Can Budget 2019 be used to create the next set of Indian ‘Unicorns’
By Sanjay Nath. Blume Ventures
Elections may have passed, but as slogans go it is ‘India Shining’…for entrepreneurs surely. While Indian entrepreneurs have it good, if we are to leverage our entrepreneurial dividend (and consequently our demographic dividend) then more is needed.
What has helped popularize entrepreneurship?
Focus: Policy makers belated realized that supporting India’s entrepreneurs will be a game-changer for innovation, employment, and wealth creation. A number of recent initiatives reflect this belief: SIDBI’s fund of funds, Niti Aayog’s creation, the Invest India office, Startup India, Standup India, and Atal Tinkering Labs.
Jiofication: For context on ‘Jiofication’, readers may refer to the widely followed annual Mary Meeker Report covering internet trends.
The term ‘Uberization’ entered lexicons referring to the ‘Gig Economy’. The more recent ‘Jiofication’ refers to various business models by the spread of cheap and fast internet. The fact that Mary devoted two slides to the advent of Jiofication and its implications for India’s internet economy indicates the trend’s importance. And if anyone thought this was only an urban phenomenon then it’s laughable; the reach extends into tier 2/3 cities and rural India.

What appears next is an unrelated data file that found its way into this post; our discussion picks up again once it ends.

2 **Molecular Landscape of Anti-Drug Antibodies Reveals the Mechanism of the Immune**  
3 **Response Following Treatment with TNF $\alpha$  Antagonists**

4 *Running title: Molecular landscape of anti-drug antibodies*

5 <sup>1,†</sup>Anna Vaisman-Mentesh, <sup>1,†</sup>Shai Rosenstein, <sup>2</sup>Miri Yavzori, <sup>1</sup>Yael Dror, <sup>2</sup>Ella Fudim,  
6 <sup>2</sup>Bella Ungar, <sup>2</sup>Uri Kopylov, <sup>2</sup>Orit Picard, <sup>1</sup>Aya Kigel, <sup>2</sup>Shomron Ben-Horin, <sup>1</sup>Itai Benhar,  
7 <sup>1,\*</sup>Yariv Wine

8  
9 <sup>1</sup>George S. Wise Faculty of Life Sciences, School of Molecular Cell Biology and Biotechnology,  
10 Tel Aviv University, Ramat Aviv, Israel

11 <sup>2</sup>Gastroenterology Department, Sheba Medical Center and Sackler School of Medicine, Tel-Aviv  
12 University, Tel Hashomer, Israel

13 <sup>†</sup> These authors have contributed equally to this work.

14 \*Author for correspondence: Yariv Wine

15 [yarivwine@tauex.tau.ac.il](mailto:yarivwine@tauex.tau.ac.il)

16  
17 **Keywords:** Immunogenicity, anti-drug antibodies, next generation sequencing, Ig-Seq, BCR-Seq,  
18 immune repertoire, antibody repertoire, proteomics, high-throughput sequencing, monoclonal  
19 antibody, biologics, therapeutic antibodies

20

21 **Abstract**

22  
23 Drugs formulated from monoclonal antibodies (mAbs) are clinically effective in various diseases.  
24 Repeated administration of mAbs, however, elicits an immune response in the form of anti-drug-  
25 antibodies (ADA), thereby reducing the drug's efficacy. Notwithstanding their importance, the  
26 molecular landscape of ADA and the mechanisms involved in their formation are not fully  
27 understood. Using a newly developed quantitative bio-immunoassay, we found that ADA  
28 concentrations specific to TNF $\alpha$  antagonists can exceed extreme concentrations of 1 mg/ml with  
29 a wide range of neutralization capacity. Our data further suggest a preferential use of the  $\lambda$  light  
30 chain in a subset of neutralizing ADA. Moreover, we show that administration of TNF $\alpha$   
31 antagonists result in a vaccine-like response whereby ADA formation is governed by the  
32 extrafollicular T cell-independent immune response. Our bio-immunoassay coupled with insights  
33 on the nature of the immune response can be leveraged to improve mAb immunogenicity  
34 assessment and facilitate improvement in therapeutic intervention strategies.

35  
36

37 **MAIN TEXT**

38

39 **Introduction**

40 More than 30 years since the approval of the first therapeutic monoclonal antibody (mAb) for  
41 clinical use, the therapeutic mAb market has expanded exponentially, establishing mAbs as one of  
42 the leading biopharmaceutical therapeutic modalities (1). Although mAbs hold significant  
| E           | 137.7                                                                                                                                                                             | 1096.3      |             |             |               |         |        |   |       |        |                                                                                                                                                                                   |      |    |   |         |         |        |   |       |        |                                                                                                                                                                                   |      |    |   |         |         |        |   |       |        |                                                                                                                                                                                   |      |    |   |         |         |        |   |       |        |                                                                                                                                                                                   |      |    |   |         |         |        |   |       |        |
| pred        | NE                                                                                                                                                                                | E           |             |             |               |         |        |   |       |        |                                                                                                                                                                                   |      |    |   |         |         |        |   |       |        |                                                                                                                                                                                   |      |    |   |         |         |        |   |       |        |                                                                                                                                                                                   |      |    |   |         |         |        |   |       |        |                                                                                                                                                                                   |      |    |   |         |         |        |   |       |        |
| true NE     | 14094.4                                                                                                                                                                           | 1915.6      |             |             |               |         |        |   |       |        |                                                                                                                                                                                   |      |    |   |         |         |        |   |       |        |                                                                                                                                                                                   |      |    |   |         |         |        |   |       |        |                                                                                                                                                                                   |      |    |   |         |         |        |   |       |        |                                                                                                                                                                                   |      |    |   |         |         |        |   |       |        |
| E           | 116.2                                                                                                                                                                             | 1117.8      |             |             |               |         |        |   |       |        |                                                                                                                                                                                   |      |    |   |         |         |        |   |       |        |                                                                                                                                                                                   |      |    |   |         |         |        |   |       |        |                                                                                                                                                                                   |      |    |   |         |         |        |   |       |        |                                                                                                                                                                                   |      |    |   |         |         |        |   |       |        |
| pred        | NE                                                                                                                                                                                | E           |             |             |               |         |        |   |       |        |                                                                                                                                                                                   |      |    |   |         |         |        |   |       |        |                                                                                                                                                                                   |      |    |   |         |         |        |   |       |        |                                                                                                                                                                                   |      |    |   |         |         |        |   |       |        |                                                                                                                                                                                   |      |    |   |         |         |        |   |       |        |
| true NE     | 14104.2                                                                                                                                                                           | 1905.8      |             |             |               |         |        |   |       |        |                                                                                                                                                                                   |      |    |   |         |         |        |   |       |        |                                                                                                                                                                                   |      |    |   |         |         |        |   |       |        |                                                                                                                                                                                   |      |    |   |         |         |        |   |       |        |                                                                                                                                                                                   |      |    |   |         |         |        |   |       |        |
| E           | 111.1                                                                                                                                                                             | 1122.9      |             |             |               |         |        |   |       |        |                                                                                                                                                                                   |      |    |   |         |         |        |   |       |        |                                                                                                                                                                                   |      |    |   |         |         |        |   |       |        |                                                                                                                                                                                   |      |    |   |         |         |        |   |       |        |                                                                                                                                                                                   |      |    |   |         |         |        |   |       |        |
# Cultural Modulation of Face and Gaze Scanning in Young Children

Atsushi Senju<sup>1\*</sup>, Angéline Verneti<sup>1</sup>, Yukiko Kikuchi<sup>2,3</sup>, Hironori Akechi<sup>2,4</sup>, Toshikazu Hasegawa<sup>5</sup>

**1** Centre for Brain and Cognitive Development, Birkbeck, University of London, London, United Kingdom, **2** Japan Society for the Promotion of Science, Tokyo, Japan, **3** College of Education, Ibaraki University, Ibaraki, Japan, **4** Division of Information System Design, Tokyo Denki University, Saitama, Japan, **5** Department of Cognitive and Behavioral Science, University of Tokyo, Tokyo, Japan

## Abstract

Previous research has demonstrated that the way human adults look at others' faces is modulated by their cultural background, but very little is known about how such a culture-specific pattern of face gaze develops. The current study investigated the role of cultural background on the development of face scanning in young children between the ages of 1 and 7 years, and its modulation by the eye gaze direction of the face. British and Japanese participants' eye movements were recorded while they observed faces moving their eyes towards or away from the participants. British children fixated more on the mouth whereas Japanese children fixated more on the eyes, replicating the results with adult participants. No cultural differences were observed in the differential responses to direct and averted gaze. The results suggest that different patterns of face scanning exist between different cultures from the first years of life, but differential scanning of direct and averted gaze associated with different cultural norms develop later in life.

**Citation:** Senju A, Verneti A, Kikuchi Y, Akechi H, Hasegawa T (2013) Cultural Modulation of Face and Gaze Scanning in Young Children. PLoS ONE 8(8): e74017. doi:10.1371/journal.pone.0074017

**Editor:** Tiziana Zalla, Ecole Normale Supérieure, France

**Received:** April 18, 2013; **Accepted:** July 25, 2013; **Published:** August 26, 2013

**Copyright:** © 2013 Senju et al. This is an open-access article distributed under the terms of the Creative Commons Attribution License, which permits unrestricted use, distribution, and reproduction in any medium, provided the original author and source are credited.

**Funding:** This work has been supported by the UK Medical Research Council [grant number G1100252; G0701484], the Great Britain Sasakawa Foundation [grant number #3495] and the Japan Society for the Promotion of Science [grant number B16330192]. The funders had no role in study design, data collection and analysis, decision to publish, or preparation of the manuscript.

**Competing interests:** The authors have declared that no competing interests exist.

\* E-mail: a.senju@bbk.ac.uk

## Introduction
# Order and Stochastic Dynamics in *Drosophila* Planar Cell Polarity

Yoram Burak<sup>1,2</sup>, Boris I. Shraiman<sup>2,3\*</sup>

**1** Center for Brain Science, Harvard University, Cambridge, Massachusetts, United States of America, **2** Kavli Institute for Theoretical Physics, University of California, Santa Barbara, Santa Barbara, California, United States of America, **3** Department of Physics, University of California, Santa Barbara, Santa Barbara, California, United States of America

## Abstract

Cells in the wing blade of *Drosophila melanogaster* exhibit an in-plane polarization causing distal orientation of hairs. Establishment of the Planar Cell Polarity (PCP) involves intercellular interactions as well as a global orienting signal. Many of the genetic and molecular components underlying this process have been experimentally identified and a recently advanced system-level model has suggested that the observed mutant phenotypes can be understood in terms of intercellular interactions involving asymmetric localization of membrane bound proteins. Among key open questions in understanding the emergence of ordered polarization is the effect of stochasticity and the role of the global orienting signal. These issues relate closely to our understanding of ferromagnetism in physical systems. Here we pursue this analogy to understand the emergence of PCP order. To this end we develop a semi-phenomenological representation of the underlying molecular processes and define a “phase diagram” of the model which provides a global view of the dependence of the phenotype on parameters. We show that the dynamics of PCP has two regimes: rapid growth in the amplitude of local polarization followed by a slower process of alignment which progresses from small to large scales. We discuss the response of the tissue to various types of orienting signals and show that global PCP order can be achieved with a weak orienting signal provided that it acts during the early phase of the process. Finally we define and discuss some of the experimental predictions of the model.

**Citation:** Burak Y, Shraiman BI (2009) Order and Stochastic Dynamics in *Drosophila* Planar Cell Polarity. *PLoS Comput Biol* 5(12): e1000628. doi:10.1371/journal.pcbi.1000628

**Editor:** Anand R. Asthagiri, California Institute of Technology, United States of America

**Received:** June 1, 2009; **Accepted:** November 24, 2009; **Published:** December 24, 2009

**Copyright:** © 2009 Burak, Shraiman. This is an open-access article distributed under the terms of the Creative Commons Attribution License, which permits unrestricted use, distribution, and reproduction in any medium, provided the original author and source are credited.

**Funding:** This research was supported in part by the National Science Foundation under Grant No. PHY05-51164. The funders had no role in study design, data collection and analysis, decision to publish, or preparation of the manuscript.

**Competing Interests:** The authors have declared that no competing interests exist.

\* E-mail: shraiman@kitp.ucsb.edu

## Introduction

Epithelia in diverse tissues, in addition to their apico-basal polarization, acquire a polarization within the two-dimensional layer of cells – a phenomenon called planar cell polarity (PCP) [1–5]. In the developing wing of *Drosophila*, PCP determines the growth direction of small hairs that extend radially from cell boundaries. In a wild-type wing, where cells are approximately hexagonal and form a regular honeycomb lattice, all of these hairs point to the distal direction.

This has brought within reach not just a hitherto untapped population and market, but also unexplored business models for new products and platforms from local content, gaming, online education to fin-tech, agri-tech, healthcare and many core sectors. This is helping societal transformation, besides technology and data driven problem solving.
Inspiration: Successful entrepreneurs in their 30s grace the covers of business magazines eager to showcase success stories. Bhavish (Ola), Naveen (InMobi), Ritesh (Oyo), the Bansal duo (Flipkart), and many other entrepreneurs are positive role models. Visibility, approachability, modest backgrounds, impact, and reward for effort are aspects people see in their stories.
The needs of startups
Four key factors that matter to the Indian startup ecosystem are:
What can help?
India can look to emulate the US startup ecosystem, which is the gold standard but is light-years ahead, or learn from China where startups are considered an integral part of making the country an economic powerhouse. Conditions here though are unique and India will do well to chart its own agenda and not just copy other models.
Diversification: We need to move beyond the consumer internet and media (including content) startup models that have been offered by deeply funded Indian startups and large foreign players like Amazon, Uber, etc. Core sectors like agriculture, natural resources management, mining, construction, environment are ripe for disruption by startups.
Innovation: Much more needs to and can be done on innovation, especially in emergent areas. Companies like Grey Orange Robotics have won international acclaim for their innovations and the entire ecosystem needs to develop to be considered a hotbed for innovation. In other countries, grant funding is a key source of risk capital for startups looking at innovative solutions. More government grants for supporting innovation, extending tax incentives, and creating platforms that can link innovators with grant-making institutions will go a long way.